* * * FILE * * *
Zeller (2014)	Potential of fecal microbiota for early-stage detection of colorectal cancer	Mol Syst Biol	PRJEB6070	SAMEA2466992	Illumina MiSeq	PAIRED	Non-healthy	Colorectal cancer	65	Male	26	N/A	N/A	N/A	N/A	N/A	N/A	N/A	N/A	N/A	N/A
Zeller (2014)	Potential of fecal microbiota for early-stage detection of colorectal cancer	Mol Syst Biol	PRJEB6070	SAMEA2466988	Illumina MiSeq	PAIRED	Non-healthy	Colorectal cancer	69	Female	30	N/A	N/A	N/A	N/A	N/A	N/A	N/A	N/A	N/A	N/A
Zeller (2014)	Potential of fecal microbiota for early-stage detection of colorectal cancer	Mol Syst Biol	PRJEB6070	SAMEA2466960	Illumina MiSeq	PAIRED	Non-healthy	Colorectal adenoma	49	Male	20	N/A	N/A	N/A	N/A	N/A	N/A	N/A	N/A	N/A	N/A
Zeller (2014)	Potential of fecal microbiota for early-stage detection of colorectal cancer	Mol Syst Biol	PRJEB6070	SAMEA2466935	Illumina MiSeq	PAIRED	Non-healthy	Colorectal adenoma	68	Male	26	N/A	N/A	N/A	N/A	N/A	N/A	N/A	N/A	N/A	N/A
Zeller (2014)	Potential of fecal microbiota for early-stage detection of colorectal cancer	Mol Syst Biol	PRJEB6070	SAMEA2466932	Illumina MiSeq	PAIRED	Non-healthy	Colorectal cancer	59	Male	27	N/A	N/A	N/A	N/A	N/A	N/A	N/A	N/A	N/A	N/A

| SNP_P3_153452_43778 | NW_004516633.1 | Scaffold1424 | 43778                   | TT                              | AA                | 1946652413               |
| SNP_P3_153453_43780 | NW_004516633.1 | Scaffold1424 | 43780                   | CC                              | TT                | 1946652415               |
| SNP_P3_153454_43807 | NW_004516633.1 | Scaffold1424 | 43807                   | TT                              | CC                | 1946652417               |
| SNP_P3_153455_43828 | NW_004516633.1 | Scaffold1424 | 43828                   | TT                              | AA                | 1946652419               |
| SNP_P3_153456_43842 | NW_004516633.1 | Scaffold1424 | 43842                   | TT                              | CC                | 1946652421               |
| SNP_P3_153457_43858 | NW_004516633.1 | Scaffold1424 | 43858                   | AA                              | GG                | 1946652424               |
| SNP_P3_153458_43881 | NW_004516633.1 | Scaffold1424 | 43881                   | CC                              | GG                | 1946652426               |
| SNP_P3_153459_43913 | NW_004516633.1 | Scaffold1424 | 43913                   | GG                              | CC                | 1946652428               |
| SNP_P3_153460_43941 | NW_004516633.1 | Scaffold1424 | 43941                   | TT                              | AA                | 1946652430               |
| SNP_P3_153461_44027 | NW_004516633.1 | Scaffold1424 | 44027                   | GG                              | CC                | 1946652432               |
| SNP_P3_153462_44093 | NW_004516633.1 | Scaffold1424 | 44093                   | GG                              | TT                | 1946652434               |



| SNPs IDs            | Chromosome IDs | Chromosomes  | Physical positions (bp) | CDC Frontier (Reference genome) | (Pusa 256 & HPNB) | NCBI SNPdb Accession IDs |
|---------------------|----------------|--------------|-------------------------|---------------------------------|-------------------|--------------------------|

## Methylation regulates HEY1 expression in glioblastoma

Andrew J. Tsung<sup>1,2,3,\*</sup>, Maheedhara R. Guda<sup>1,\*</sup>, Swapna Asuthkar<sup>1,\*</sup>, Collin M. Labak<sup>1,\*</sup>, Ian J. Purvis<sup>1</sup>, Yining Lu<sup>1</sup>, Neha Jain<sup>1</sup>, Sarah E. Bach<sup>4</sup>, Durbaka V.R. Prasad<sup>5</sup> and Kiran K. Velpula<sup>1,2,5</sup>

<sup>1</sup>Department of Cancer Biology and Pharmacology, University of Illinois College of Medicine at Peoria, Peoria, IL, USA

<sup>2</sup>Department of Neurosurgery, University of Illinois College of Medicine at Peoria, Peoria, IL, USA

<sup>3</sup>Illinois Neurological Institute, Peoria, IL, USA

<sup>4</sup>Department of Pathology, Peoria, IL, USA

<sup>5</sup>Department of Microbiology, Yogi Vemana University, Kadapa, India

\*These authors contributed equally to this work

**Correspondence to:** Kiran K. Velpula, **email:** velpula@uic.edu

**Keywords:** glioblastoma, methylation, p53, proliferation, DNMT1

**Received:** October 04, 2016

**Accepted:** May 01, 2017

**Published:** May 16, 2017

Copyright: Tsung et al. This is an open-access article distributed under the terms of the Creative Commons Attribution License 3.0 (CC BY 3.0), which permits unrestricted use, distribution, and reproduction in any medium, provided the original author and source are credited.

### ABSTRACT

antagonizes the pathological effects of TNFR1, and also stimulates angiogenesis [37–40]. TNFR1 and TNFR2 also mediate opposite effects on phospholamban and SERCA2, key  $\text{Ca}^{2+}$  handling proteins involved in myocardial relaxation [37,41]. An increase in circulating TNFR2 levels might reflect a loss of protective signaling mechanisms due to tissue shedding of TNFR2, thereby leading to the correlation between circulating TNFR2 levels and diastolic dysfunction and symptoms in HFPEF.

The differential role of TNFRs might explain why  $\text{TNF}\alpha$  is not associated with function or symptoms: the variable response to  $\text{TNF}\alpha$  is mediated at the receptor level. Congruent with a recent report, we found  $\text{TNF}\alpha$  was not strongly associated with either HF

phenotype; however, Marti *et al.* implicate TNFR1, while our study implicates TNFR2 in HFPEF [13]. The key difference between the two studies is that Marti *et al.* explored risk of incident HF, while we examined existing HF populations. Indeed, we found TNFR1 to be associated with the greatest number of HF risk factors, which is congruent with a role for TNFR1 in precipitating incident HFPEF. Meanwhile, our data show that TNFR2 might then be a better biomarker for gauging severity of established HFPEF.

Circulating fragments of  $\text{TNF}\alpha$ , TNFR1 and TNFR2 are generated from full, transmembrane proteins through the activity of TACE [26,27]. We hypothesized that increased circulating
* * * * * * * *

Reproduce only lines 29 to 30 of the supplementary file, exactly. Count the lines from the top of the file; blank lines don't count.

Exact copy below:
**Received:** October 04, 2016

**Accepted:** May 01, 2017